My love affair with the tropics (how and why I became a biologist)

 Our fearless leader
Dr. Larry Gilbert

My introduction to the tropics was in the summer of 1983, when I lucked into accompanying Dr. Larry Gilbert (UT Zoology) and his students on a field course to Corcovado National Park in Costa Rica.  Not being a student at the time (I’d gotten a BA in linguistics a couple years before but was working as a secretary on the UT campus), but having some proficiency in Spanish, I was hired by Dr. Gilbert as his assistant and translator since his regular teaching assistant was off making a film in New Guinea. 

After several weeks in Patterson Hall on the UT campus, translating documents and readying equipment, we left for Costa Rica, flying into the capitol, San Jose.  Here our party (5 graduate students plus Dr. Gilbert – Larry to his students – and myself) spent a couple of days at the “Costa Rica Inn” – a rambling one-story labyrinth of a hotel near the downtown area.  San Jose is a typical Central American city, with lots of traffic and pollution, no interesting architecture to speak of…but great ice cream and plenty of activity – and in those days, very safe at all hours.  We visited the Natural History Museum and the local university, picked up some supplies (foam mattresses and rum are what I remember!), and made our flight arrangements.  We were flying in to the park in two 5-seater Cessnas; there was no other access to the remote field site location. 

View of the Corcovado canopy from the plane.
Photo by Dr. Larry Gilbert.

The day arrived and we boarded the tiny planes.  I was quite nervous as I had never flown in such a small plane before, and the pilot warned us that it might be a bumpy ride due to rising air currents as we crossed the mountains.  And Larry joked about the two wrecked planes that decorated the end of the airstrip in the park… 

The flight took about an hour, and it was indeed turbulent.  Finally we flew out over the Osa Peninsula and saw nothing but forest below us, and then the Pacific Ocean beyond. We suddenly turned at right angles to the coastline to land at a tiny airstrip cleared in the rainforest, ending at the beach…and there, indeed, were the two wrecks.  Welcome to Sirena Station of Corcovado National Park!

We pitched tents in the clearing/horse pasture behind the rustic park station building; this would be our home for the next six weeks.  The students included Darlyne, studying heliconius butterflies; Kirk, studying the fish communities in freshwater streams; Jamie, studying howler monkeys, and Peggy and John, new students who had not yet decided on projects.  Two senior students, Peng Chai and Sue Boinski, were already in the park.  Peng was studying bird predation on butterflies.  “Bo” as she was called, was the equivalent of a mountain man, in my somewhat awed view.  She had spent the past several years following troupes of squirrel monkeys to learn about their behavior and mating habits, sometimes staying in the park for over a year at a stretch. In the course of her wanderings she had dodged fer-de-lance and bushmaster snakes, and had some (very shaky) video footage of a pair of jaguars lazily playing together, oblivious of their nervous human watcher.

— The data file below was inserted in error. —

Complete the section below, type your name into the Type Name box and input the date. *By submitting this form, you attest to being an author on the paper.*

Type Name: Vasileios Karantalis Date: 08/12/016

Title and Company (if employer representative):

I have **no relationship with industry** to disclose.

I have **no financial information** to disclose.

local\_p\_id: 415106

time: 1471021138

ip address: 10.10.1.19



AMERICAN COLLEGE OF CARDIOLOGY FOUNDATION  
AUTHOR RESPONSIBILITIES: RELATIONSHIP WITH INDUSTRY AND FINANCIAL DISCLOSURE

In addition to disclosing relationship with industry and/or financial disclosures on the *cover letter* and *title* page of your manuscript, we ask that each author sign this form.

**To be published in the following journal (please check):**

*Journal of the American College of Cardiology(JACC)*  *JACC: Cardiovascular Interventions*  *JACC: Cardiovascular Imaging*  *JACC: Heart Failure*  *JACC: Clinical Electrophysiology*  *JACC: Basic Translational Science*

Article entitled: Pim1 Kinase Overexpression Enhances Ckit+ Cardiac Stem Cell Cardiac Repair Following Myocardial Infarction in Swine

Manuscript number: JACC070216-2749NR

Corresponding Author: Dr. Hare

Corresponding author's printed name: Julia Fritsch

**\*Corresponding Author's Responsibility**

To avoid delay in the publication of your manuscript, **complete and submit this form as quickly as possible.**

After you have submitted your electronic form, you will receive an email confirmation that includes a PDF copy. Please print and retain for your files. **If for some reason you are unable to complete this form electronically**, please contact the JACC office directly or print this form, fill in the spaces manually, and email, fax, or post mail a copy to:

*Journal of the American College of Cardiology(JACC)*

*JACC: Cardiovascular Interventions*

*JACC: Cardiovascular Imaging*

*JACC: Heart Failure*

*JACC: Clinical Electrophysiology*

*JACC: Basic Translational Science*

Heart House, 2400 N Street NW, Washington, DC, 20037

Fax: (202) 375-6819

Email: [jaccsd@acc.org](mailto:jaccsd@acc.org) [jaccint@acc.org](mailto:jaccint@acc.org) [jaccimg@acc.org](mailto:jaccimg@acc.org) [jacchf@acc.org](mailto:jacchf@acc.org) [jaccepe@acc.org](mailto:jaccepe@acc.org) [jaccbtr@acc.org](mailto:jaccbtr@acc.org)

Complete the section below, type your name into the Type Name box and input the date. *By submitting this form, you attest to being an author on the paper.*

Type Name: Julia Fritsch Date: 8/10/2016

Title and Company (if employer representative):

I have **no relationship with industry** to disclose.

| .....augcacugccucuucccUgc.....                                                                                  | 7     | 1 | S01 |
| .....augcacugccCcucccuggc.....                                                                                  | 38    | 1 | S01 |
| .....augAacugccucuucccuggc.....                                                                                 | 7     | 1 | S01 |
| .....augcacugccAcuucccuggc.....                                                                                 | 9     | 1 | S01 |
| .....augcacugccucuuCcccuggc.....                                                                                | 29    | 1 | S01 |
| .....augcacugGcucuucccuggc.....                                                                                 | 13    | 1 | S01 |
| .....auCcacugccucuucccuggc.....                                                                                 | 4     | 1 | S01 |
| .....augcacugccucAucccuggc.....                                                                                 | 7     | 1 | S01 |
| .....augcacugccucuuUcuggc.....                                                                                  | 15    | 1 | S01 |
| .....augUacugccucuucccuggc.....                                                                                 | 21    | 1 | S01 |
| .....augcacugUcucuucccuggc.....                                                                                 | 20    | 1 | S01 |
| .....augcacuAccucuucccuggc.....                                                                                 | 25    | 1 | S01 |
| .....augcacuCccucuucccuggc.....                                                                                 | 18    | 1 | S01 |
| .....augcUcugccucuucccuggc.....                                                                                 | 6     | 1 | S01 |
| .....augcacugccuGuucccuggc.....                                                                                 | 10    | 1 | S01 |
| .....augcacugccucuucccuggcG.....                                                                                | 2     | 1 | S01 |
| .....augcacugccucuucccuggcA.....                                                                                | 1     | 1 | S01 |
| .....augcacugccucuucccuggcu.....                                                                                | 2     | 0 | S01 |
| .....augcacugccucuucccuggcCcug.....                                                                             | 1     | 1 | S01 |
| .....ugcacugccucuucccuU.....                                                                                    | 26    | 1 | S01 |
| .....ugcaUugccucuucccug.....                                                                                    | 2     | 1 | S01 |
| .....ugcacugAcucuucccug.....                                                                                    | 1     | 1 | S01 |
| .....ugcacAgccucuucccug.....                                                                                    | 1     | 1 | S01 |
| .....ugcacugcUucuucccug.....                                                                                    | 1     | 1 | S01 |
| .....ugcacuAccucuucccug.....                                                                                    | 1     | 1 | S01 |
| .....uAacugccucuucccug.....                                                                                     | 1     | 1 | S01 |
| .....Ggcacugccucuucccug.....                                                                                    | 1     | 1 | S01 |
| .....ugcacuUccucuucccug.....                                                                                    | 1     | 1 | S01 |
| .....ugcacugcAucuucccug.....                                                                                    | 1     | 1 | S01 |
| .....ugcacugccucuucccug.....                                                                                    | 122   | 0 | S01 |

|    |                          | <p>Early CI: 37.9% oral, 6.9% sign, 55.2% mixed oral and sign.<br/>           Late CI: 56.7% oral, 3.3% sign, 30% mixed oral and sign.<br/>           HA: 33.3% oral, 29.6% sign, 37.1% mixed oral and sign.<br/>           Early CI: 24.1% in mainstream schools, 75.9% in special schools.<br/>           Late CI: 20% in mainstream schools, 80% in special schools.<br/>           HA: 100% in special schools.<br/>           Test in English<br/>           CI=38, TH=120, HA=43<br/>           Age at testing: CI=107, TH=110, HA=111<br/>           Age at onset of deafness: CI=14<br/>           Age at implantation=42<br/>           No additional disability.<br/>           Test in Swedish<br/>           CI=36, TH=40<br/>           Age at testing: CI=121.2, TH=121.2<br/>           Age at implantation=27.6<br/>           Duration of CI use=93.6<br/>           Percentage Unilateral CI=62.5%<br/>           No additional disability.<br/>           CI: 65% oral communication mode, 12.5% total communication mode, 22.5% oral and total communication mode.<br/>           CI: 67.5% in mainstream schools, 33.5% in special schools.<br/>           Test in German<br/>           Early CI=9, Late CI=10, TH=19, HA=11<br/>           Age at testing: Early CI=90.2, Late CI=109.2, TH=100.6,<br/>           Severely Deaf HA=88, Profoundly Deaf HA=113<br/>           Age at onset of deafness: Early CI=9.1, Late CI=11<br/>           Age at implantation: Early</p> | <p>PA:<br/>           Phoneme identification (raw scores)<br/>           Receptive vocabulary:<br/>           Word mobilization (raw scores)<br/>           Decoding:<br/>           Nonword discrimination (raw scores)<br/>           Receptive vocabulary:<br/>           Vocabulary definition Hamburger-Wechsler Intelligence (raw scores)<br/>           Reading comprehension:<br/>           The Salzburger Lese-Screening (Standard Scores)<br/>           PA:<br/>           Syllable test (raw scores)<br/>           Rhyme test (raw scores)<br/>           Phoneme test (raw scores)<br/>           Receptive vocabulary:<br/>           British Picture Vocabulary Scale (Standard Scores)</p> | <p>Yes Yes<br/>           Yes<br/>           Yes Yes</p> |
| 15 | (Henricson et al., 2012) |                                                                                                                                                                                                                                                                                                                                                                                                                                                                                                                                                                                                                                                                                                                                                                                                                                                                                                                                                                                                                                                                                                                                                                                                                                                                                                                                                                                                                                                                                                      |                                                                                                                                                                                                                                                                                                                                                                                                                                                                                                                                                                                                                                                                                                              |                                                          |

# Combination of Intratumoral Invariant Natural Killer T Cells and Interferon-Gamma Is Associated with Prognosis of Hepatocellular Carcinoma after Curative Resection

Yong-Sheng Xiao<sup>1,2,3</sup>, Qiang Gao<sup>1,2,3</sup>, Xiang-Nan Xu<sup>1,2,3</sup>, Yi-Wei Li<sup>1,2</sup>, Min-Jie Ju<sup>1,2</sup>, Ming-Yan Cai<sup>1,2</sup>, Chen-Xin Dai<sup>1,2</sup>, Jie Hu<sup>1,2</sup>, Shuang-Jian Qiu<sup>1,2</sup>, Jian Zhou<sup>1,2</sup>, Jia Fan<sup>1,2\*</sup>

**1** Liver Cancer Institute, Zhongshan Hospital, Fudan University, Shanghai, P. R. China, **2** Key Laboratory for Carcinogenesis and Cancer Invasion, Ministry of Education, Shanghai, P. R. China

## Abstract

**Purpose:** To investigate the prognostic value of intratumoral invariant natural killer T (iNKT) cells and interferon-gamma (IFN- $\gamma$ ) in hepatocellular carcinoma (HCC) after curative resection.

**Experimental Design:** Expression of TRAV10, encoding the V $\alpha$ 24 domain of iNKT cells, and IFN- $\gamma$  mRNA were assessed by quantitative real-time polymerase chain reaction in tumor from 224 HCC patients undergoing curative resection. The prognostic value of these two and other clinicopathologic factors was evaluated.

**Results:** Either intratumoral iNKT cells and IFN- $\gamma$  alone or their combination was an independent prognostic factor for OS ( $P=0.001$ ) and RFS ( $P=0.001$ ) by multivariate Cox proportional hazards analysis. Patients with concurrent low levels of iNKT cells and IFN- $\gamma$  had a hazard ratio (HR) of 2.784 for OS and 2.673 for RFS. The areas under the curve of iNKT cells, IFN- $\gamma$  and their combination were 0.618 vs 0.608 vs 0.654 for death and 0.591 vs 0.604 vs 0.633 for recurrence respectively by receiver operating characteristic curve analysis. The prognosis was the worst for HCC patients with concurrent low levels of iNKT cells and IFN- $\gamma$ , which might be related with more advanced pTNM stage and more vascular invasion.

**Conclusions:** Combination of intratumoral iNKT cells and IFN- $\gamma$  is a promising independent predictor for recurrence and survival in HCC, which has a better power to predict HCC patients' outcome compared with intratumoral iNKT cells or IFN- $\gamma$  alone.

Fruits of the
Corcovado rainforest.
Photo by Dr. Larry Gilbert.

The Sirena station was a bustling place.  Since in those days (before the gold miner crisis of 1985) it served as the park headquarters, it was the central point in Corcovado for communications and supplies, which were all brought in by plane.  The park director was stationed here, along with about 5-6 park guards.  Other park guards travelling by horseback from the outlying stations came in to pick up their allotment of supplies, or to rotate out for a week’s holiday.  The radio crackled all day long:  “Sierra Papa Norte Dos a Sierra Papa Norte” (National Park Service station 2 to headquarters).  I learned all sorts of things in radio lingo – “Cambio” meant over, “Dos” meant good, “Dos y medio” was so-so, “Tres” meant bad, “un 22” was a telephone call, “10” was crazy, etc.